The end-all, be-all, can't-believe-it's-not-butter part of the whole XNA thing is that you can develop and publish your very own video games to a contemporary, powerful home console. Over the years, there have been pushes towards hobbyist console development, ranging from the XGameStation to the Net Yaroze. But still, nothing comes close to being able to walk into a store, buy an Xbox 360, download some software and start making games on that very system.
Microsoft launched the Community Games channel in November 2008. My company's own Weapon of Choice was a launch title. As can happen with uncharted territory, Microsoft made missteps, such as not having a rating system in place, not sharing sales data till later the next year, and sometimes-poor maintenance of critical sorting lists in the marketplace.
But the entire build it-test it-publish it system worked. Amazingly smoothly too; you develop on your PC and run games right on your retail Xbox 360 using XNA Game Studio.
Even things like the peer review system, while not without hiccups, have shaken down over the years to a fairly well functioning state. It's still a mind-blowing experience to have people across the world playing a game on their TV that you made.
The Xbox Live Indie Games channel did go through changes -- starting, obviously, with its name. The saddest thing was that Microsoft itself seemed frequently internally conflicted about how to handle the platform.
Obviously, an unregulated marketplace will have lower quality and amateur products show up; it's inevitable. But instead of acknowledging the prospect of amateur titles and then pointing to the best games on the channel -- such as Miner Dig Deep, Beat Hazard, Soulcaster, Protect Me Knight, or Breath of Death VII -- Microsoft publicly seemed to ignore the channel. Several Xbox 360 Dashboard updates would seem to further try and hide the XBLIG "problem."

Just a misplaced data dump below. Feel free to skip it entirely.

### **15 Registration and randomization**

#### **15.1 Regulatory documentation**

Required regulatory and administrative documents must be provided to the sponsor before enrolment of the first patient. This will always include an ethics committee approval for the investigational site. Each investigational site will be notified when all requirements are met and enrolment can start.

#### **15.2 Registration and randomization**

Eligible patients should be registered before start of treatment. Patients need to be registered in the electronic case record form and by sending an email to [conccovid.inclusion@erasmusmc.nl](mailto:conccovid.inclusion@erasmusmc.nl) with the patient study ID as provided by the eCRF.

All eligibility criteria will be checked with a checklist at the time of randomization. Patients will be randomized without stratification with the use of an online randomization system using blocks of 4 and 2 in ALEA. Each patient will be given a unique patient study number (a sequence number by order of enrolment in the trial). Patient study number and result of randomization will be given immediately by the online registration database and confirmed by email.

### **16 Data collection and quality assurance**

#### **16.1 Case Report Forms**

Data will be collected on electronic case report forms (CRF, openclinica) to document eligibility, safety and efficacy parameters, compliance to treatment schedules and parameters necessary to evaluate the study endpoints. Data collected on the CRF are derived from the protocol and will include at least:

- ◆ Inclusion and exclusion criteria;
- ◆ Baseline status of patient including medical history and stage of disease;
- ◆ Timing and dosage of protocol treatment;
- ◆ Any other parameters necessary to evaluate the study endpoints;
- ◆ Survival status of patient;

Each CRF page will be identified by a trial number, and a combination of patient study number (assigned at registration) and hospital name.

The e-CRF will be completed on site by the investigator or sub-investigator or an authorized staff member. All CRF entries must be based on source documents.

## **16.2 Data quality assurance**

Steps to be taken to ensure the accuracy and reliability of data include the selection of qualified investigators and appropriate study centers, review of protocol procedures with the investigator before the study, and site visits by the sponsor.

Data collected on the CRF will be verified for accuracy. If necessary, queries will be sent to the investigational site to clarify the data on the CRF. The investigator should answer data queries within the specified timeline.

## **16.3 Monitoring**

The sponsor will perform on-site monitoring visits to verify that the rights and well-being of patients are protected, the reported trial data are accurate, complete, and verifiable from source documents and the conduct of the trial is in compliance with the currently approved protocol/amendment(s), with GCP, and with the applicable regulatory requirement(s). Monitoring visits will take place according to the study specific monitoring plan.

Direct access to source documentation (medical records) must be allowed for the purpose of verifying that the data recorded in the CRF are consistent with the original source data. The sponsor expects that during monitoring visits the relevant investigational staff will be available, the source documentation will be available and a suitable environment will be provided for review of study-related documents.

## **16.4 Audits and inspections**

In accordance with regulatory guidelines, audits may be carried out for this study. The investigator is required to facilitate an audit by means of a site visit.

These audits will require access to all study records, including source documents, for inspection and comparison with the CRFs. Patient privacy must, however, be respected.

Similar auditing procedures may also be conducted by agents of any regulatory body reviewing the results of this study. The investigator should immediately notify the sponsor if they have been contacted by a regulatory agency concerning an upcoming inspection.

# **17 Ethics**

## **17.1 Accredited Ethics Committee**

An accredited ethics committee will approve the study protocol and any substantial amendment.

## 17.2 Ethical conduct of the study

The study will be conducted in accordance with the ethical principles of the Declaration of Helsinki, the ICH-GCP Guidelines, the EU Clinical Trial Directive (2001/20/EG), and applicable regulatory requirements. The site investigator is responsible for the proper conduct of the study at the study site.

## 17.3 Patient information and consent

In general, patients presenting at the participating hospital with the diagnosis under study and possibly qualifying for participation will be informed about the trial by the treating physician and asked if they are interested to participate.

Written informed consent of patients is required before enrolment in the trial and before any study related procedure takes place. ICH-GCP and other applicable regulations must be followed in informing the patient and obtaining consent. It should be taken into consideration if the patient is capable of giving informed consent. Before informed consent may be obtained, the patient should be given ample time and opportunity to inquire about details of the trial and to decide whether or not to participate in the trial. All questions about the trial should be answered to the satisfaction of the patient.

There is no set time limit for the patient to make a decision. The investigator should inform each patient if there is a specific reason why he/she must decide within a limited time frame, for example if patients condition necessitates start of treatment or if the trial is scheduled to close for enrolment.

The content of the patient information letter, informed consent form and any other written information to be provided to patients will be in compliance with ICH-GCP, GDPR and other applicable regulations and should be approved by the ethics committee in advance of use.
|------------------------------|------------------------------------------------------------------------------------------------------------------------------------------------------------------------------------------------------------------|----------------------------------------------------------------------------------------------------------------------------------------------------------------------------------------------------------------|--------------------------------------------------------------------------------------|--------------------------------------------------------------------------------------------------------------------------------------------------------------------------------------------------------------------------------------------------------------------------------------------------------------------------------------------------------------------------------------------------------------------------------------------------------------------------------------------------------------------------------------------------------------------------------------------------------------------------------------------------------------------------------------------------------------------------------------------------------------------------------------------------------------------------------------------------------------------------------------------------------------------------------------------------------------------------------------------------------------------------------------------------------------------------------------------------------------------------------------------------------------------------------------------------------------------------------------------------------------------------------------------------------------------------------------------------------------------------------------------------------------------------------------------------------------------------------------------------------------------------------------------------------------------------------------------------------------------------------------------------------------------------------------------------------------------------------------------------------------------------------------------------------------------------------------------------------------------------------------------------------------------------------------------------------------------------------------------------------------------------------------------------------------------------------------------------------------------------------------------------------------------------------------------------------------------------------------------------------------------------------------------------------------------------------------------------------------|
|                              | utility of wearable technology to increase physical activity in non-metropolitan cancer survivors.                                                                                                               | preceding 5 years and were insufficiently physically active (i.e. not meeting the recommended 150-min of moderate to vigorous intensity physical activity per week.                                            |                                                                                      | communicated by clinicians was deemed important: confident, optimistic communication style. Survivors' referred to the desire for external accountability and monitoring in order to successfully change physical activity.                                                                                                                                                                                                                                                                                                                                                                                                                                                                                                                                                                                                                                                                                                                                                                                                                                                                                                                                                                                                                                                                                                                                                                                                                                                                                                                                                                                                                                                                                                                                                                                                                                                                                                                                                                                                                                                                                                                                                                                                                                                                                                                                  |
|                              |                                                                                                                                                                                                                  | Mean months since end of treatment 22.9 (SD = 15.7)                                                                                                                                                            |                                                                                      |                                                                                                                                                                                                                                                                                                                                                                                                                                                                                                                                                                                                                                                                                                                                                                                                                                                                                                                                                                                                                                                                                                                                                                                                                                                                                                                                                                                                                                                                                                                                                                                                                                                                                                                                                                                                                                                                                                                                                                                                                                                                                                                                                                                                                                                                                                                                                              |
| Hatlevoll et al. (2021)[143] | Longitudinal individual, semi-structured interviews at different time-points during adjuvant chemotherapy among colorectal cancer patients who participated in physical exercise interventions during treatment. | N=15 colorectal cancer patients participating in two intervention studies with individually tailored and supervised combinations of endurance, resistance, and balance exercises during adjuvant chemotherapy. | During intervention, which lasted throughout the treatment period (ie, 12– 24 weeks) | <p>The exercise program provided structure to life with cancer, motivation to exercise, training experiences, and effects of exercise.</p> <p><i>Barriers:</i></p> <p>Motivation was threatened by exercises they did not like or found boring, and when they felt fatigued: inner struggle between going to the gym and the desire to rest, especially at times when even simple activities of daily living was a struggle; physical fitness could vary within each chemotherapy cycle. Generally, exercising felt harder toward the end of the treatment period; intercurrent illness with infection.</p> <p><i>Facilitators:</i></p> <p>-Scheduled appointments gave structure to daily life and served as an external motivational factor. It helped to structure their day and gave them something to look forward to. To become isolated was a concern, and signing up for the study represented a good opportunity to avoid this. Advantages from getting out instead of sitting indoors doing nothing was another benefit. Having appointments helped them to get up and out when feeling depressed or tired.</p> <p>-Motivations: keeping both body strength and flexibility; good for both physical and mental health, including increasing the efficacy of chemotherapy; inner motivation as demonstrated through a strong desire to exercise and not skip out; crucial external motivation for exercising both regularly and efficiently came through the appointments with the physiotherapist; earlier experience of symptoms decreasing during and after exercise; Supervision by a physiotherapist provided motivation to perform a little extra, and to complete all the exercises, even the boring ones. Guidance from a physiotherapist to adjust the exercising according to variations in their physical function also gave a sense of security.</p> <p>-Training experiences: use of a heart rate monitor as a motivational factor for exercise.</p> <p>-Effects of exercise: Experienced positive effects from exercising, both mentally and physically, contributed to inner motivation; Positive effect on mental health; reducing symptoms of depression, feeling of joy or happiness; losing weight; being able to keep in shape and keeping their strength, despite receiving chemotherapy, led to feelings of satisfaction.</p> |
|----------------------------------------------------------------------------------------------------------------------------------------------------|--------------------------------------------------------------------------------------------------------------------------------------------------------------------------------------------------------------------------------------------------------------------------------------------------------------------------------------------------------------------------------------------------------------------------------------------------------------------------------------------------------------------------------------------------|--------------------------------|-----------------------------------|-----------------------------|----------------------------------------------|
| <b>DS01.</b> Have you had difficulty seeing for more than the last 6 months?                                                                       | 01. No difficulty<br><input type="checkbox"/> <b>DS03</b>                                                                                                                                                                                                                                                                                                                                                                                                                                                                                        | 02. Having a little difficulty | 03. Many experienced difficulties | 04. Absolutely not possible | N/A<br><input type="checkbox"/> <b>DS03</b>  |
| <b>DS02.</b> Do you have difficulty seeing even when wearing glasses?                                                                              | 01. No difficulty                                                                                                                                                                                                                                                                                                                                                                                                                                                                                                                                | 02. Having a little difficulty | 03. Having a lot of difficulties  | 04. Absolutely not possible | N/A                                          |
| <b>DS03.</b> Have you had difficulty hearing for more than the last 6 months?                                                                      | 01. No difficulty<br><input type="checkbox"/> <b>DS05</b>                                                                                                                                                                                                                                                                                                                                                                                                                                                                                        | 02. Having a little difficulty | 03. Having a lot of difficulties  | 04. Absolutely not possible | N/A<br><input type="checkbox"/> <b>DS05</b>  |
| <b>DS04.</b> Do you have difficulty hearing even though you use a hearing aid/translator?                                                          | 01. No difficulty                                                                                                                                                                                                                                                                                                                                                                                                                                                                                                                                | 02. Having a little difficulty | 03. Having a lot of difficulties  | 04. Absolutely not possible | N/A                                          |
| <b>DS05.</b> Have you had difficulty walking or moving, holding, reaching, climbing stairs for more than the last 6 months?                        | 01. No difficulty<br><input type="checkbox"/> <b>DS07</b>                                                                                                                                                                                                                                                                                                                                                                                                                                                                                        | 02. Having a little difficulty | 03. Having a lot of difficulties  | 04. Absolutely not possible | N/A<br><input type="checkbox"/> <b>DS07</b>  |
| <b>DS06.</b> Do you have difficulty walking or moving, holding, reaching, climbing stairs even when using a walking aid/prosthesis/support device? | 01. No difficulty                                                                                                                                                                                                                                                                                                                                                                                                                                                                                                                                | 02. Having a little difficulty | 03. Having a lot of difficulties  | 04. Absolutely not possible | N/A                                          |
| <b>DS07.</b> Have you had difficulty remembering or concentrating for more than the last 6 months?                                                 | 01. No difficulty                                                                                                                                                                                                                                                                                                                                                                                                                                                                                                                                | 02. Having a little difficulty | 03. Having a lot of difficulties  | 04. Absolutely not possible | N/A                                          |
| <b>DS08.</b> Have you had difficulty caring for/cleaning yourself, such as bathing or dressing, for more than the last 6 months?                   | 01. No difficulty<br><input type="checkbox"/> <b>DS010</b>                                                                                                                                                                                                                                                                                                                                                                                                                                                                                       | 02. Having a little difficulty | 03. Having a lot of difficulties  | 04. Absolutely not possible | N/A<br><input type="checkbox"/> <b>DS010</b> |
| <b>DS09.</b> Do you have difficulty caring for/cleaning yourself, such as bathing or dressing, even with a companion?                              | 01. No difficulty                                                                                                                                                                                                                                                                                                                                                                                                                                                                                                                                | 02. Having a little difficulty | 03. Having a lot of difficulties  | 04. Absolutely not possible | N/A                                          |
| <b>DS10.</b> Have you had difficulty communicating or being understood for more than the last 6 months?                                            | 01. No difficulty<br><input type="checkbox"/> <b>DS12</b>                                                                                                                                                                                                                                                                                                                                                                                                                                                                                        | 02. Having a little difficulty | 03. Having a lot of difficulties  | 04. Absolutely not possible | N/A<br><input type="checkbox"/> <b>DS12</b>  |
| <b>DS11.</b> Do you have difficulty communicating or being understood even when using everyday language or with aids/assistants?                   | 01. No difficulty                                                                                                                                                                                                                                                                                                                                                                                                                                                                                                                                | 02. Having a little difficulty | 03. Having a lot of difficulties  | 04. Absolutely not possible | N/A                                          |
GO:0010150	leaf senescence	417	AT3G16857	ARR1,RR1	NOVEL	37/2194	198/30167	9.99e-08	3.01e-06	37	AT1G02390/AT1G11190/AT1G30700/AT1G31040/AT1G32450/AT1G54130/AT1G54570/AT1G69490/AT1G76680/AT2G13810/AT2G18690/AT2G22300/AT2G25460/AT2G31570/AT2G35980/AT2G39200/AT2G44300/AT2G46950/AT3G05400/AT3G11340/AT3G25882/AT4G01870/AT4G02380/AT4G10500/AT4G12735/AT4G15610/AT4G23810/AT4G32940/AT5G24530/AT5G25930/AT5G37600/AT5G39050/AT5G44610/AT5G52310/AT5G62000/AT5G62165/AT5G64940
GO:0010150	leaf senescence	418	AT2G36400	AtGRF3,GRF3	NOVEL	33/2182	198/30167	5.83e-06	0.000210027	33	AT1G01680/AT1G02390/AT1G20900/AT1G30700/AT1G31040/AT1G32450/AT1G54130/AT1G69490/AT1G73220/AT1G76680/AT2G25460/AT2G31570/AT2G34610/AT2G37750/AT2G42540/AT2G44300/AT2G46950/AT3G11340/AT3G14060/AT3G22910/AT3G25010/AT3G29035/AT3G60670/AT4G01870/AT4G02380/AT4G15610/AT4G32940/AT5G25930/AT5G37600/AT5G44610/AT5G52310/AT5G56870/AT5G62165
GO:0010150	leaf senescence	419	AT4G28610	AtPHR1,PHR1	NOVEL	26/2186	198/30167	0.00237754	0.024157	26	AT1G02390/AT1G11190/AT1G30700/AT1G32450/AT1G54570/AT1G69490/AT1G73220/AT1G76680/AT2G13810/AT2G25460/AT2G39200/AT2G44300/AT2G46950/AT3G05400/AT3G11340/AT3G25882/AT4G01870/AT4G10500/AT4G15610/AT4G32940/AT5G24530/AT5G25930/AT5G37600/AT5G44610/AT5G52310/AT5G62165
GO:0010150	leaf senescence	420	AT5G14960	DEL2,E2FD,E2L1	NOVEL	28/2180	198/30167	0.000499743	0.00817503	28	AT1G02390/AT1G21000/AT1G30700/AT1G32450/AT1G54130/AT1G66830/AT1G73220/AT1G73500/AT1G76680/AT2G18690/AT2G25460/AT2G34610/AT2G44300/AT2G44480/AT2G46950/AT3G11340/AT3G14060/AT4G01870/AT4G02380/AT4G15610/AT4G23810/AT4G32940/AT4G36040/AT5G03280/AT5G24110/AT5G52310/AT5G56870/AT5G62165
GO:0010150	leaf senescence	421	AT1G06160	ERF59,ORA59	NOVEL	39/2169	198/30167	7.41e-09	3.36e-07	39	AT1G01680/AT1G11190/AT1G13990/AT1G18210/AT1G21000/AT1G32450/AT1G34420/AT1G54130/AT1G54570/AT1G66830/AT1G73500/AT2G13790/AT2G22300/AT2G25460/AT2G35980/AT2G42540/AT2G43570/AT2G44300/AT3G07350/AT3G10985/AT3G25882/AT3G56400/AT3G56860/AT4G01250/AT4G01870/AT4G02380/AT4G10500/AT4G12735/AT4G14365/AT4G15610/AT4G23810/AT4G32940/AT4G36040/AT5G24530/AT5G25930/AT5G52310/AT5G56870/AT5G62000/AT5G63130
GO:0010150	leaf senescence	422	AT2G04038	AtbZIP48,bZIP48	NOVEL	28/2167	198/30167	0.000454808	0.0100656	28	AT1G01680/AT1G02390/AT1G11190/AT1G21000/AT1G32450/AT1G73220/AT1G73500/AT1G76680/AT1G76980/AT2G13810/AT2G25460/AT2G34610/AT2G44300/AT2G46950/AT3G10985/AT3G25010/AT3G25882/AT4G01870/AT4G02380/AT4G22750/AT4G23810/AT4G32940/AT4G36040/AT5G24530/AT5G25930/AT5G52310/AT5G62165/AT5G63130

How the games are presented to users greatly impacted what games are popular and played by more people. Problems surrounding these public-facing lists were a big issue when using XBLIG. The Top Downloads list showed what were supposed to be the most popular games. But this list, which users expected would update frequently and consistently to reflect new games arriving, often lagged -- sometimes resulting in stilted game launches.
Initially, sorting methods were limited and finding games was difficult. These are not problems only inherent to XBLIG or XNA, and have since been solved. Now the Xbox dashboard supports a search option and recommendations which increase discoverability of all games. But there were certainly growing pains for XBLIG.
The first time I got something rendering on my TV using my Xbox 360 it felt incredible --something magical, arcane, and forbidden. Growing up with Atari, the Sega Master System, and playing Super NES, there was no possible way, no matter how hard you tried, to make your own games for console back then. That dream came true with XNA and XBLIG. Barriers were broken; the smallest independent developer could accomplish the same as the largest, wealthiest publisher, selling a game on a home console.
I can still remember how excited I was to get my first tree drawing on the Xbox.
The particular timing of it all is key. Braid is released in 2008 and Flower follows it in 2009; independent games are suddenly blossoming. Employees were leaving big companies, forming indie studios. For those seeing full-time indie development as possible, now XNA made it an option on a console, not simply for PC.